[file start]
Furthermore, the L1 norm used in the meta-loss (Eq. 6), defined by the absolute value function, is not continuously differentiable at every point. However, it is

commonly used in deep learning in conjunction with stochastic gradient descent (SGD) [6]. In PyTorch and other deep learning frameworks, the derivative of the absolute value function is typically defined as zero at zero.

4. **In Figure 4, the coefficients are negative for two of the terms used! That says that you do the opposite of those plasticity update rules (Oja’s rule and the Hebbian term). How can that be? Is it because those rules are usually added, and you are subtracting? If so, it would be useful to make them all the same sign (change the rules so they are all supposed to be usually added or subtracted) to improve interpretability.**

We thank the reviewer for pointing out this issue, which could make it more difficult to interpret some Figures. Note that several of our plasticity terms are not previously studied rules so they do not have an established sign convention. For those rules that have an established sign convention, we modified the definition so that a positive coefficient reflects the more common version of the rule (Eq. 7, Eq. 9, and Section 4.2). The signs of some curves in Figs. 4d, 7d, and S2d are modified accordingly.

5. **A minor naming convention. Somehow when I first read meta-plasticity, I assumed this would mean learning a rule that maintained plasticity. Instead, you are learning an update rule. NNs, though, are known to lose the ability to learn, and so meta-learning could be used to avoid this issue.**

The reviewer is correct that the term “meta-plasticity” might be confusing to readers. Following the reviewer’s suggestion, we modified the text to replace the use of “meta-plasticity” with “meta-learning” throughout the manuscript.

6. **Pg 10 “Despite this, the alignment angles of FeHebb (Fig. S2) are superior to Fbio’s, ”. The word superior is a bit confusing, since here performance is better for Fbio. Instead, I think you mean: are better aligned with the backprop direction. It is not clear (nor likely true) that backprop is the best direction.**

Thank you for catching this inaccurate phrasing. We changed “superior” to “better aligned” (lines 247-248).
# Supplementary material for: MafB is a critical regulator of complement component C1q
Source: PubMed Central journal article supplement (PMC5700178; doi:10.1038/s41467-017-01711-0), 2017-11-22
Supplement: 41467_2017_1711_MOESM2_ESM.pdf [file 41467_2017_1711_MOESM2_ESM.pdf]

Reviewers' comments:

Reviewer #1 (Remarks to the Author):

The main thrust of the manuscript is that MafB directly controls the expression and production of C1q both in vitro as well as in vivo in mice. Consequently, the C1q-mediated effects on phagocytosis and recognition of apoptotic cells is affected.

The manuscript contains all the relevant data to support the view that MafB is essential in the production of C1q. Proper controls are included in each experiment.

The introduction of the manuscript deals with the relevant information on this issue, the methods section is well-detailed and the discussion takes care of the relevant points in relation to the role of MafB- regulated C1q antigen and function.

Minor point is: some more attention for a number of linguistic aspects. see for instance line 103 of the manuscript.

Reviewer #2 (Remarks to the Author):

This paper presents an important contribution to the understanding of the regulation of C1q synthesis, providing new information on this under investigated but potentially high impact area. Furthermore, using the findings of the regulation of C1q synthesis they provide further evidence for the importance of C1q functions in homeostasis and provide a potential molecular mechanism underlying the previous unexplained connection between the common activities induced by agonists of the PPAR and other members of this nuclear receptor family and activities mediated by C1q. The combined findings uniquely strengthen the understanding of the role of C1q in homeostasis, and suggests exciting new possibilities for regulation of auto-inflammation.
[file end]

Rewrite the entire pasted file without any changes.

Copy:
Furthermore, the L1 norm used in the meta-loss (Eq. 6), defined by the absolute value function, is not continuously differentiable at every point. However, it is

commonly used in deep learning in conjunction with stochastic gradient descent (SGD) [6]. In PyTorch and other deep learning frameworks, the derivative of the absolute value function is typically defined as zero at zero.

4. **In Figure 4, the coefficients are negative for two of the terms used! That says that you do the opposite of those plasticity update rules (Oja’s rule and the Hebbian term). How can that be? Is it because those rules are usually added, and you are subtracting? If so, it would be useful to make them all the same sign (change the rules so they are all supposed to be usually added or subtracted) to improve interpretability.**

We thank the reviewer for pointing out this issue, which could make it more difficult to interpret some Figures. Note that several of our plasticity terms are not previously studied rules so they do not have an established sign convention. For those rules that have an established sign convention, we modified the definition so that a positive coefficient reflects the more common version of the rule (Eq. 7, Eq. 9, and Section 4.2). The signs of some curves in Figs. 4d, 7d, and S2d are modified accordingly.

5. **A minor naming convention. Somehow when I first read meta-plasticity, I assumed this would mean learning a rule that maintained plasticity. Instead, you are learning an update rule. NNs, though, are known to lose the ability to learn, and so meta-learning could be used to avoid this issue.**

The reviewer is correct that the term “meta-plasticity” might be confusing to readers. Following the reviewer’s suggestion, we modified the text to replace the use of “meta-plasticity” with “meta-learning” throughout the manuscript.

6. **Pg 10 “Despite this, the alignment angles of FeHebb (Fig. S2) are superior to Fbio’s, ”. The word superior is a bit confusing, since here performance is better for Fbio. Instead, I think you mean: are better aligned with the backprop direction. It is not clear (nor likely true) that backprop is the best direction.**

Thank you for catching this inaccurate phrasing. We changed “superior” to “better aligned” (lines 247-248).
# Supplementary material for: MafB is a critical regulator of complement component C1q
Source: PubMed Central journal article supplement (PMC5700178; doi:10.1038/s41467-017-01711-0), 2017-11-22
Supplement: 41467_2017_1711_MOESM2_ESM.pdf [file 41467_2017_1711_MOESM2_ESM.pdf]

Reviewers' comments:

Reviewer #1 (Remarks to the Author):

The main thrust of the manuscript is that MafB directly controls the expression and production of C1q both in vitro as well as in vivo in mice. Consequently, the C1q-mediated effects on phagocytosis and recognition of apoptotic cells is affected.

The manuscript contains all the relevant data to support the view that MafB is essential in the production of C1q. Proper controls are included in each experiment.

The introduction of the manuscript deals with the relevant information on this issue, the methods section is well-detailed and the discussion takes care of the relevant points in relation to the role of MafB- regulated C1q antigen and function.

Minor point is: some more attention for a number of linguistic aspects. see for instance line 103 of the manuscript.

Reviewer #2 (Remarks to the Author):

This paper presents an important contribution to the understanding of the regulation of C1q synthesis, providing new information on this under investigated but potentially high impact area. Furthermore, using the findings of the regulation of C1q synthesis they provide further evidence for the importance of C1q functions in homeostasis and provide a potential molecular mechanism underlying the previous unexplained connection between the common activities induced by agonists of the PPAR and other members of this nuclear receptor family and activities mediated by C1q. The combined findings uniquely strengthen the understanding of the role of C1q in homeostasis, and suggests exciting new possibilities for regulation of auto-inflammation.